Testifying the joy of Christ’s love

“God is not isolation, but glorious and joyful love, spreading outwards and radiant with light,” Pope Benedict XVI told the assembled crowd gathered for Mass including the new cardinals. The diakonia (the service rendered) of the cardinals’ task is “to bear witness to the joy of Christ’s love.”

“Faith without love would no longer be an authentic Christian faith.”

~Pope Benedict XVI

19 February 2012

A prayer on Saint Valentine’s Day

For some cynics in our world today’s feast of Saint Valentine is not worthy our memory, especially in ecclesial settings. Sad, really. How else is God revealed but in the revelation of love? Scripture and tradition teaches us this fact. Our friends in the Catechesis of the Good Shepherd a prayer is given to us for this holiday that celebrates love:
You are the love inside of me. Alleluia, Alleluia.
I am happy to be with you, Oh Lord.
Happy is He and me!
Oh Lord, oh Lord, it’s time for me to say,
“You give the earth love and people love
that’s from you and will never be given away.”

Kathryn, eight years old

Des Moines, Iowa

Brimming over with the Father’s love

One of the blogs I read with some frequency is the blog, Domine, da mihi hanc aqua!, written by a Dominican Friar of the Province of Saint Martin de Porres, Father Philip Neri Powell. I recommend it, after reading the Communio blog. His blog post for today provides a good examination for. Tonight, people came to the parish to watch the second video of Father Robert Barron’s “Catholicism” project. In many ways what the friar says below and what Father Baron did in the video cohere. Read Father Philip wrote (in part) and watch “Catholicism.”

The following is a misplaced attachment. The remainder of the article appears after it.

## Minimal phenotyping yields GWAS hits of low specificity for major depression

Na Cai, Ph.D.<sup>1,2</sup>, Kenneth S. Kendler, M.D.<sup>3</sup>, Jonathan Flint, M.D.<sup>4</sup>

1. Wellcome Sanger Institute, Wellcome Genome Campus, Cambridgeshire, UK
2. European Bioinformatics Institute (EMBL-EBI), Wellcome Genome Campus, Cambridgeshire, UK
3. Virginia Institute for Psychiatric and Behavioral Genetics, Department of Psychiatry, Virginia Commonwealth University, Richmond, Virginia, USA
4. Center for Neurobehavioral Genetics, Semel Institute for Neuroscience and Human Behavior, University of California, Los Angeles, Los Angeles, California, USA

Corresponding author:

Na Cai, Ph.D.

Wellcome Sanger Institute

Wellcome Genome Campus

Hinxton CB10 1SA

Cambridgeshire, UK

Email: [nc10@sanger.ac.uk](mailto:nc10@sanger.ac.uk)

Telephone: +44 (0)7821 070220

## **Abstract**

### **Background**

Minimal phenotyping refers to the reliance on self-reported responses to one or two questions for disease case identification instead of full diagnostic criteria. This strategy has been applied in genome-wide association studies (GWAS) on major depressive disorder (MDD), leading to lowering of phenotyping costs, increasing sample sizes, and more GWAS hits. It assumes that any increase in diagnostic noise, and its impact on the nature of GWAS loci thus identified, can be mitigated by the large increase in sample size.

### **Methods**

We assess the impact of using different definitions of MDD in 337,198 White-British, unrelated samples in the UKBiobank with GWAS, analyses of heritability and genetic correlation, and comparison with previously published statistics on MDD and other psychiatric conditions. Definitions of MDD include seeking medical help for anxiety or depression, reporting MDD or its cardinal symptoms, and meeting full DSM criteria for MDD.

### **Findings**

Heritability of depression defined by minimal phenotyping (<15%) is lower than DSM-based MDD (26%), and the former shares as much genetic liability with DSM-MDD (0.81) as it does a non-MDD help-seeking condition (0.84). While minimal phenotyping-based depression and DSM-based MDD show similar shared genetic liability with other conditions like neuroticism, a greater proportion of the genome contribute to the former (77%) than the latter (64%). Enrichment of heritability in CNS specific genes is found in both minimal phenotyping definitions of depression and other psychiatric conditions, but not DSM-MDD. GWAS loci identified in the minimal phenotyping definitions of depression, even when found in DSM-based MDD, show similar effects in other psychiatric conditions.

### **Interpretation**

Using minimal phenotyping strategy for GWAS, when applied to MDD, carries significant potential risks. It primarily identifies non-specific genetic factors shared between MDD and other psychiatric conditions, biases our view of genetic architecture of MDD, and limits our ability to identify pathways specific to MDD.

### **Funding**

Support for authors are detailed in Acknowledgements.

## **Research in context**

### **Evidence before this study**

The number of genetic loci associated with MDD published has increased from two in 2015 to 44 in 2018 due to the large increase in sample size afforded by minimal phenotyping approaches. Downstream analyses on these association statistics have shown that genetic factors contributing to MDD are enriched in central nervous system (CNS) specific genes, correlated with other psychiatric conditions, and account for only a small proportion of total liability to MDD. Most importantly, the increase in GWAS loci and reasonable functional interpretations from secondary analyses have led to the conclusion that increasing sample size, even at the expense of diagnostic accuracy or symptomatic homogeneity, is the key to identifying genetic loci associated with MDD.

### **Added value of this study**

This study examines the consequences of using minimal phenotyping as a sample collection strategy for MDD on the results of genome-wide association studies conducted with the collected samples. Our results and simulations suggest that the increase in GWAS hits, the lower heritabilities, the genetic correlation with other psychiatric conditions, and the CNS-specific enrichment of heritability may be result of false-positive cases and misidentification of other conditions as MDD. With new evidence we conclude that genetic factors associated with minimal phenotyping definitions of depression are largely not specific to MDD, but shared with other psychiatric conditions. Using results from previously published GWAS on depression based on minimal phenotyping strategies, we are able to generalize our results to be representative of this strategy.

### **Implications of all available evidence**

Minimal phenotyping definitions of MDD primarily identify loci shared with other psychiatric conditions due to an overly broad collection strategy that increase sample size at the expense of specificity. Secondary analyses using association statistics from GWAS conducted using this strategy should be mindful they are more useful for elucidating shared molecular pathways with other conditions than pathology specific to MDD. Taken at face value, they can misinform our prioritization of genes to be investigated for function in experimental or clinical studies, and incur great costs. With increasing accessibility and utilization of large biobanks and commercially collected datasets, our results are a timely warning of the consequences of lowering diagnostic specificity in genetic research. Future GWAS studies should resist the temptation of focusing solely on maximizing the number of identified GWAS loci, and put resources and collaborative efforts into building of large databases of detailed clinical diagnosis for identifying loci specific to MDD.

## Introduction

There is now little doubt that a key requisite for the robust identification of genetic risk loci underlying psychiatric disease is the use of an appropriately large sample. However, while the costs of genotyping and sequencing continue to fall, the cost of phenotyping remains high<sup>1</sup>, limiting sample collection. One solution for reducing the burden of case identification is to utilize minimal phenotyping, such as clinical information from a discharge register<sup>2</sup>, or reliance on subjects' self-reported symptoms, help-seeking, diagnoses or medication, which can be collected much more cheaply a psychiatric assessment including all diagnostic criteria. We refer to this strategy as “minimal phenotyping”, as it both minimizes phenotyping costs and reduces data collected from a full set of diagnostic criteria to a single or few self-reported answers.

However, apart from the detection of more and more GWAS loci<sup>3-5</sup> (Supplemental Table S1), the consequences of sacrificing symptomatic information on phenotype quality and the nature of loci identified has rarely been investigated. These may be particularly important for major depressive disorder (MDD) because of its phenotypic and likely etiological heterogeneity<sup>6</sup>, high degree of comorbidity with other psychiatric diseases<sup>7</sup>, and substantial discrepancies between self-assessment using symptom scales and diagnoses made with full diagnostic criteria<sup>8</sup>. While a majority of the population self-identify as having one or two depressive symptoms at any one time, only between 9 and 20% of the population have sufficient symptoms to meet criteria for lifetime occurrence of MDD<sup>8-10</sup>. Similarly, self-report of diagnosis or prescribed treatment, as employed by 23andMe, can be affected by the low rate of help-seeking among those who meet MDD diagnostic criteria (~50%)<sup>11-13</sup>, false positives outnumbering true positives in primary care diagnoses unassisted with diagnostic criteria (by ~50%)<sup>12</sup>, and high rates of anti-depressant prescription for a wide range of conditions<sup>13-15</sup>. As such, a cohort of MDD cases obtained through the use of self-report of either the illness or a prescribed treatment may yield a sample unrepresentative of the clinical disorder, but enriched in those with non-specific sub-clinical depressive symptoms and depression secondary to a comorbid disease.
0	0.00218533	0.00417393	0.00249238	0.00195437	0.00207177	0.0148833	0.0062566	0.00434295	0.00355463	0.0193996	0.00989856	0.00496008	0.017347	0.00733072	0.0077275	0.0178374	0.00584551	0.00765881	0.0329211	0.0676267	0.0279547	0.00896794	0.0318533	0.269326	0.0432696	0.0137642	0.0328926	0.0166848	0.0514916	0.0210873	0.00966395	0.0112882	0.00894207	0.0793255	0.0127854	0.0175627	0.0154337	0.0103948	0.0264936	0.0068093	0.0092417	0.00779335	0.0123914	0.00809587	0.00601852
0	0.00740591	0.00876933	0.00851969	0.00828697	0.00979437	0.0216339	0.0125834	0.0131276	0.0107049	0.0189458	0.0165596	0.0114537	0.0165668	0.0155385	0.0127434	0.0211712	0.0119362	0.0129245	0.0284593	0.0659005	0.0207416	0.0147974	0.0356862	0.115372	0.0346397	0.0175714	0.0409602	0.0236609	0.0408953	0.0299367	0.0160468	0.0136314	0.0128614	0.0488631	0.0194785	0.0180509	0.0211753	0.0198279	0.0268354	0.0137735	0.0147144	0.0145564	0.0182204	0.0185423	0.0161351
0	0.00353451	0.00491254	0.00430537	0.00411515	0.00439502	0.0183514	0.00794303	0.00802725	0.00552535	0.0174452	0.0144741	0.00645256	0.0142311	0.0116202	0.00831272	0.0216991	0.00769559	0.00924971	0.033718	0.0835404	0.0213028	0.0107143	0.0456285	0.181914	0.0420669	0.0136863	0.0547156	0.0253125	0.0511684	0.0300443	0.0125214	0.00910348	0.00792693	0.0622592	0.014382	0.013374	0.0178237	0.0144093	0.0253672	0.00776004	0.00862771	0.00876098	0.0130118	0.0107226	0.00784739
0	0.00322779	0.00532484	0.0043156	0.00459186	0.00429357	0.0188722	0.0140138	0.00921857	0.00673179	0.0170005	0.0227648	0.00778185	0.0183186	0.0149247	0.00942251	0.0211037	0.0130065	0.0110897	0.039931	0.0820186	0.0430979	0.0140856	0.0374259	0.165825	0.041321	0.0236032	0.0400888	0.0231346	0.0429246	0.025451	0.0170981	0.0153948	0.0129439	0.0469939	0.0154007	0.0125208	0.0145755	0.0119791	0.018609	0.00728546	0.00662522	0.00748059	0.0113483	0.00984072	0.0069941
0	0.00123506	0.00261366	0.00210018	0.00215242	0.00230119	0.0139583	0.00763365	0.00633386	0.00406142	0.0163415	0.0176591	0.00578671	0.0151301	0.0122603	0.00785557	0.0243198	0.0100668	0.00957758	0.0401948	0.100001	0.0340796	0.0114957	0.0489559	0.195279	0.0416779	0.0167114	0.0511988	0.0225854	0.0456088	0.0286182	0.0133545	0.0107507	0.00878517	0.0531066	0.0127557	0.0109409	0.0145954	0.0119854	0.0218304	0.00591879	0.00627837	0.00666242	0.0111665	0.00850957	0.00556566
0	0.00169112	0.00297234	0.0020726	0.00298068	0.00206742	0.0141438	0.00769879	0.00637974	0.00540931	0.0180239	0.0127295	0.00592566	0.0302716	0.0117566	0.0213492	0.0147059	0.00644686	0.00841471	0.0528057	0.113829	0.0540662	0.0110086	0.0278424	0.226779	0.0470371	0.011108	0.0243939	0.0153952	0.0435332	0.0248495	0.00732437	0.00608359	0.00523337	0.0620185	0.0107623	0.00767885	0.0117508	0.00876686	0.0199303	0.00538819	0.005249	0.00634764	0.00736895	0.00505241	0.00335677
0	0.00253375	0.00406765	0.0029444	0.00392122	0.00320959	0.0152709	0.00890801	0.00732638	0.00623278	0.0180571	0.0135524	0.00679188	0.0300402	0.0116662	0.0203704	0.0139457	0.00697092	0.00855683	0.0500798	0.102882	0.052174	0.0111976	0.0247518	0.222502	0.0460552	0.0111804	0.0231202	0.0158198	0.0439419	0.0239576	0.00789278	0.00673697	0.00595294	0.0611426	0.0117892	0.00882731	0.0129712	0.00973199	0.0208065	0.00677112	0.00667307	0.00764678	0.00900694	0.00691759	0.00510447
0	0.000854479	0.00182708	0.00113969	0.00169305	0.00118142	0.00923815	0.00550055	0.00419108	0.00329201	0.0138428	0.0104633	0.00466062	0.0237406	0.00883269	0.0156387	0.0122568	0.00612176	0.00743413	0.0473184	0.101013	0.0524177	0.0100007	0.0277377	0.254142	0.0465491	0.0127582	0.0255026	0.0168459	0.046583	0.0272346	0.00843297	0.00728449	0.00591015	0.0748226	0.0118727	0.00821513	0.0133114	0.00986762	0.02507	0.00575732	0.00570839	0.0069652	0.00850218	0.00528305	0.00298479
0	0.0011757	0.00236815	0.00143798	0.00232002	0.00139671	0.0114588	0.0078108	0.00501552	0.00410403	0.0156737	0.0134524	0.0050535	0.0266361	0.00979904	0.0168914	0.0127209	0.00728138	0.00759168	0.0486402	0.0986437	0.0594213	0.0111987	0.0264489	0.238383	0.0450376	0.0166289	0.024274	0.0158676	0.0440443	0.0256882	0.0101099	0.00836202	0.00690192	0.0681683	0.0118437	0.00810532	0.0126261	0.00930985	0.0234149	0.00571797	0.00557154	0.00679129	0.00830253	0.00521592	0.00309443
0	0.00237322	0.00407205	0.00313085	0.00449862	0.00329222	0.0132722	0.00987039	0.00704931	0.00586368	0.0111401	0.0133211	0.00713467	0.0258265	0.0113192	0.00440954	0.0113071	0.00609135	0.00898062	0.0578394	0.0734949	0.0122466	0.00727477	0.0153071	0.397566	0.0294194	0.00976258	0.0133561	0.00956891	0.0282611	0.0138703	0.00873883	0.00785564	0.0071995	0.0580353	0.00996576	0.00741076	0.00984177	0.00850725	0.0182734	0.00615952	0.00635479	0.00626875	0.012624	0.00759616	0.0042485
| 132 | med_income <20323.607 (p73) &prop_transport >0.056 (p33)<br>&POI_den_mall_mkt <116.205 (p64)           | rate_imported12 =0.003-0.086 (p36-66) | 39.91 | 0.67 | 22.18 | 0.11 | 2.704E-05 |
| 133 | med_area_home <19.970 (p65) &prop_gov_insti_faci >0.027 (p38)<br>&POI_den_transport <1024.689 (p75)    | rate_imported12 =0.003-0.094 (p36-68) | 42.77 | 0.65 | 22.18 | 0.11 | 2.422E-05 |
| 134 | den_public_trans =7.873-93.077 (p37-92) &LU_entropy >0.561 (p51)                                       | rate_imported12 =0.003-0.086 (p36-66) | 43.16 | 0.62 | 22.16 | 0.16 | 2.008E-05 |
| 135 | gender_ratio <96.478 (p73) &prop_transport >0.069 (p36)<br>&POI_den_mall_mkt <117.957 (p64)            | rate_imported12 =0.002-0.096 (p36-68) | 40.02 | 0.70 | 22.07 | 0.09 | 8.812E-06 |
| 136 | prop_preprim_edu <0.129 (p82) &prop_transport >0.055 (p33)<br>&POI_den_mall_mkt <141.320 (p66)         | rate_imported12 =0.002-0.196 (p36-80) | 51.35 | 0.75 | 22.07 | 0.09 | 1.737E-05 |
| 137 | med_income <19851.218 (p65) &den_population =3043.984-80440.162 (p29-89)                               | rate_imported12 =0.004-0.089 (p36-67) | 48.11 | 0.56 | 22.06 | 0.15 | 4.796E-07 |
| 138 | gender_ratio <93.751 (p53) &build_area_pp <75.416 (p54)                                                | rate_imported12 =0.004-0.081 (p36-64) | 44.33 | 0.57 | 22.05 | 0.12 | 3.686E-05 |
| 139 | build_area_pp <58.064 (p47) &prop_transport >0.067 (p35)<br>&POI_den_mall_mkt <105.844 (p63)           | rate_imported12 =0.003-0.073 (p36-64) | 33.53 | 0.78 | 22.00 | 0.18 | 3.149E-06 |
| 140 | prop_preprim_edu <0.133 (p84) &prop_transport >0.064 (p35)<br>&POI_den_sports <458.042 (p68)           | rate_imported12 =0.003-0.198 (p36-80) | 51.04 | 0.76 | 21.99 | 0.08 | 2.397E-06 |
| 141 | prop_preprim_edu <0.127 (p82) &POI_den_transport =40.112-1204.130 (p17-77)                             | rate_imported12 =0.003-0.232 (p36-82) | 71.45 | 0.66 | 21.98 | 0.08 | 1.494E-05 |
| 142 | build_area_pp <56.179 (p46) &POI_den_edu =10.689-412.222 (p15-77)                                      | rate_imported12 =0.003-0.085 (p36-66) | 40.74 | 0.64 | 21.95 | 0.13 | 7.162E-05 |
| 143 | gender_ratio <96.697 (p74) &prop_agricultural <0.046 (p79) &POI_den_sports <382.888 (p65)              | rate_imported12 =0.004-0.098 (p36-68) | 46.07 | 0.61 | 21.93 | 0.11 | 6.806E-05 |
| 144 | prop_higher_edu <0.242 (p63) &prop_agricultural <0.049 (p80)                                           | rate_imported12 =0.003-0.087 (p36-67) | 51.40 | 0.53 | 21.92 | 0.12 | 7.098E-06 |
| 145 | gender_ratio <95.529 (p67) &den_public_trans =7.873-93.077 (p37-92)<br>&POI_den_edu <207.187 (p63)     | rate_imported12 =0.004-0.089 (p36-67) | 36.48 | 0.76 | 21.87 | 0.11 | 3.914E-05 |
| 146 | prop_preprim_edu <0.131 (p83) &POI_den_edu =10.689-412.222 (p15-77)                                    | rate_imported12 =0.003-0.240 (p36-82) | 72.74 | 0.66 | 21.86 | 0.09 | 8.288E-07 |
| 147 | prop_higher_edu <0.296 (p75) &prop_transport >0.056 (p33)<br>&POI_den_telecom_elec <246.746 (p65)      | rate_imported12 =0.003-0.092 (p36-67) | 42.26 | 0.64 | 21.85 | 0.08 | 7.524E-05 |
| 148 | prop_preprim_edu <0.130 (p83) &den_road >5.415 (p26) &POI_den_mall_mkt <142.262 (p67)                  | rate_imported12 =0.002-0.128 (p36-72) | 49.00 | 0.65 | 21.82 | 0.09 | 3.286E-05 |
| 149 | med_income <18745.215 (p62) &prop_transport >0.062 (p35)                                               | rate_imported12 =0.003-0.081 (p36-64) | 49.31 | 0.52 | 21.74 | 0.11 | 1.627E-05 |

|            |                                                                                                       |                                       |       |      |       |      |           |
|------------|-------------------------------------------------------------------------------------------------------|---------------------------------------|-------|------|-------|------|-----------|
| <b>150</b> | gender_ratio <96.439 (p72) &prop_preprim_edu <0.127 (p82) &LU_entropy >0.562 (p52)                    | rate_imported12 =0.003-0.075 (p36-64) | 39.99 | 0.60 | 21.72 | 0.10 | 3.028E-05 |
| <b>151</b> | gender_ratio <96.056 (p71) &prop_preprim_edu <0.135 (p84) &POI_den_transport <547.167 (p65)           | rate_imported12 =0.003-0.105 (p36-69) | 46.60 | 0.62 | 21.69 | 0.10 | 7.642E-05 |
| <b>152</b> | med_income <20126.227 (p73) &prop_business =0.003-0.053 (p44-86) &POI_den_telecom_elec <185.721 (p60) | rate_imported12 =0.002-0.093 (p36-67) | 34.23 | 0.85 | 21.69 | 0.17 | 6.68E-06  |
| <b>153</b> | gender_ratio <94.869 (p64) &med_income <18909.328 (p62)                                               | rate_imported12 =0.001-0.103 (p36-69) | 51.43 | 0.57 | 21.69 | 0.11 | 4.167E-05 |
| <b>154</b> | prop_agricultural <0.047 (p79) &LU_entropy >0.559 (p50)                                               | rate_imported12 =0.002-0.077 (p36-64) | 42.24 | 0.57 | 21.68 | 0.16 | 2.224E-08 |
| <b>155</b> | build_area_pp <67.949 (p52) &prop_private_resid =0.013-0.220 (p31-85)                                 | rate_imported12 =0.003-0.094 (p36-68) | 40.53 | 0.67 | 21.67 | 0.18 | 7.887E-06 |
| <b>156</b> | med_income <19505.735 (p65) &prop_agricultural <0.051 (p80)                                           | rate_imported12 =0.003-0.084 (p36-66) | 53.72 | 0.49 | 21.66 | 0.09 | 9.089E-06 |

The Catechism teaches us that “the Word became flesh for us in order to [1] save us by reconciling us with God. . .[2] so that thus we might know God’s love. . .[3] to be our model of holiness. . .[4] to make us ‘partakers of the divine nature'”(457-60). Let’s break this down even further. Since we are alienated from God by our sin and God wills that we be reconciled with Him, our sins must be expunged, washed away. With the birth, death, and resurrection of the Christ, our sins are forgiven. For God’s forgiveness to take hold in our lives, we must receive His forgiveness as a gift–an unmerited grace, freely given. When we receive His forgiveness as a gift, we come to know the Father’s love; that is, His love is made manifest, given another body and soul–our own. With a body and soul brimming with the Father’s love, we begin a life of holiness, a life set apart from the world while living in the world. A life of holiness looks, sounds, and feels like the life that Jesus himself led: a life of mercy, sacrifice, love, perseverance, and courage. Living such a life–steeping ourselves in God’s enduring love–trains us to participate more fully in His divine nature, making us both human and divine, and perfectly so in His presence.

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About the author

Paul A. Zalonski is from New Haven, CT. He is a member of the Fraternity of Communion and Liberation, a Catholic ecclesial movement, and an Oblate of Saint Benedict. Contact Paul at paulzalonski[at]